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Yes, Virginia, You May Preach the Psalms: Reflections on Psalm 51:1-12

The superscription of this Psalm 51, written centuries after the Psalm itself, connects it with the foul actions of King David in 2 Samuel 11-12, where the king commits adultery and then has the husband of the woman murdered, lying about both acts all the while. Such behaviors could indeed call forth deep penitence, and seeing the disaster that David's life becomes after these events, one may only hope that the king resorted to such penitence for the sake of his own soul. Knowing David as the text allows us to know him suggests, unfortunately, that penitence seemed low on the king's desired activities.

Let me suggest two things to note about this marvelous poem. First: do not allow the lectionary collectors to stop you at verse 12. After the penitent has begged God for succor in the face of his/her deepest sins (Ps. 51:4) and has expressed the hope of being forgiven by that God (Ps. 51:6-12), the poet then promises God that she/he will become an evangelist for the forgiving God (Ps. 51:13), and will avoid the actions of revenge against the enemies (Ps. 51:14), an action demanded in more than a few other psalms (see 137 and 58 as especially crude examples).

Second: Psalm 51:15-17 is a magnificent announcement of what our God finally wants from us as God's people. When we "open our lips" we vow that we will "declare your praise," as opposed to cursing our enemies or getting all the goodies that we can possibly hold. Furthermore, God cares not a fig for burnt offerings, a claim that no ancient Israelite priest would welcome, though such an idea is found throughout the prophets (see Amos 5 as the quintessential example). The sacrifice God wants, it turns out is a "shattered spirit," a "shattered and contrite heart" (Ps. 51:17).

What can that possibly mean in 2015? Going to church is not automatically pleasing to this God, or service on numerous committees, or generous gifts of one's money. These are nice things, but hardly what God wants in the end. I would suggest that "shattered and contrite" hearts (the seat of will and intelligence for the Hebrews) and spirits (the word also means "wind," and is here the animating force of a person —see Ezek. 37 for a long story illustrating that reality) mean that what we most lack in our time is humility. We believe too fervently in our own competence, our own brains, our own plans, to the exclusion and rejection of the competence and brains and plans of those who think differently than do we. The inability of our governments to agree on much of anything is a direct result of a lack of humility, the belief that any idea that is not mine might have merit. In the religious life it means that those who do not believe as I believe are wrong and in extreme cases, too many of which we see each day, must be eliminated.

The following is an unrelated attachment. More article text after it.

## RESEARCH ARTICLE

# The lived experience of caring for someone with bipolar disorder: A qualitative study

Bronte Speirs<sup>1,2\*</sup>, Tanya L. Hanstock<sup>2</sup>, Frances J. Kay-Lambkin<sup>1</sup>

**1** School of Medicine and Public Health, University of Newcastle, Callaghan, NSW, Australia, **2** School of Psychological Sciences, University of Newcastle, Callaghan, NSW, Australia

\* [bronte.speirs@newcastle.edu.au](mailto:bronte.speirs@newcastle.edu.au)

Give us, O God, shattered spirits this day so that we may open our eyes wide enough to see the value in others of your vast created people. Now that, I dare say, will preach!

3/17/2015 4:00:00 AM
John Holbert
About John Holbert
John C. Holbert is the Lois Craddock Perkins Professor Emeritus of Homiletics at Perkins School of Theology in Dallas, TX.